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Amber Paulen

Brittany #1111

As a prelude to this rather long piece—I am writing a book after all—please check out the previously posted Brittany #1. This Brittany was written today for The Body’s Long Madness, as usual:

“But where am I? What a strange time for formalities,” Valerie thinks to herself rather soddenly as she disembarks from her train.

Inside the smallish building that passes for a train station—in this state-of-mind and at this hour, the whole place feels like they have all been forgotten and tossed into some no-mans-land—are a mess of people. People who have fallen into a place willy-nilly, people sitting, people sleeping, old and young, babies crying loudly, mothers trying to calm them, old people feeding themselves sunflower seeds just to stay awake, people talking as if drugged, people snoring, a group of backpackers, like Valerie, sit passing a container of orange juice between each other and smoking cigarettes.

Into the first available space Valerie releases her backpack and then ensconces herself against it. She rolls a cigarette and takes wide sweeps around, still trying to find a clue: what is going on? There has been no announcement made, neither in French nor in Spanish, nothing. Even ruddy metal must need a pit-stop?

As Valerie swiftly sweeps above the heads of all the people she finds herself confronted by two rows of perfectly aligned teeth, framed by the perfect pink of glossed lips, dotted by the squinty eyes of someone who smiles too much. Valerie falters, hoping desperately the smile is not directed at her. Out of the hole in that head topped by the perfectly set and dyed blond hair and the perfectly sweet round face comes, “Like we’re at the border. Like, I thought you might want to know. Like I was so confused and so I asked someone and he said, ‘Like, we’re at the border,’… You are American, aren’t you?”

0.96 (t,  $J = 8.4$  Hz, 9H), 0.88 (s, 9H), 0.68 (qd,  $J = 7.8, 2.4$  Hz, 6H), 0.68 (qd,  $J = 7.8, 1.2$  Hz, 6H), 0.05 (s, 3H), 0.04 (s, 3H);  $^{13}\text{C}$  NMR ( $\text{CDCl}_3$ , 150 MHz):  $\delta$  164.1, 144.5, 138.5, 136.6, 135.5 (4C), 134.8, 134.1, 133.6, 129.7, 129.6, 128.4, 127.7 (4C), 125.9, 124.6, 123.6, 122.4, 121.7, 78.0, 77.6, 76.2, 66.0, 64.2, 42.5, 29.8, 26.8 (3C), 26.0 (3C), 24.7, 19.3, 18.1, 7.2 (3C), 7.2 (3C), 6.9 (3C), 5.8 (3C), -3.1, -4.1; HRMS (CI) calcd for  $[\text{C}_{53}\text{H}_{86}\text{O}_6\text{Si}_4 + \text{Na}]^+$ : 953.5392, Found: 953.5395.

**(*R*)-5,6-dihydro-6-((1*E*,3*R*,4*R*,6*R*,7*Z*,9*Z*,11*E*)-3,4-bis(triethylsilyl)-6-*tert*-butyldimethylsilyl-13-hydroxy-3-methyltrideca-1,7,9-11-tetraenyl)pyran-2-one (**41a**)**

Was it Valerie’s blank stares, Valerie’s desperation to backtrack out of the arising situation, that made the perfectly-pruned girl question her instinct of opening that over-friendly hole in amicable assistance in the absence of information? But this hesitance does not last for long. When Valerie nods a shameful, yes, I am American, the girl ‘like, freaks out.’ “Oh, my god!” she shrieks, shaking her two palms in the air. “Like, my god! You’re an American too! That is like the best thing! I can’t believe it! Wait until I tell my friends that I met an American in this place! I don’t know if I’m in France or if I’m in Spain! What’s your name? I’m Brittany!”

Lacking social graces for the Anglo-Saxon atrocity, Valerie visibly cringes. Then, her mind starts in a full-throttle scrambling for some kind of explanation: Why the fuck is this girl talking to me? Why does she think its OK for her to talk to me? Don’t those squinty eyes see me and my overly apparent unwillingness to entertain myself with her conversation? But the wheel has already been set in motion; Brittany talking is inevitable. Valerie may as well return blank stare for blank stare; she may as well sit back and enjoy the show.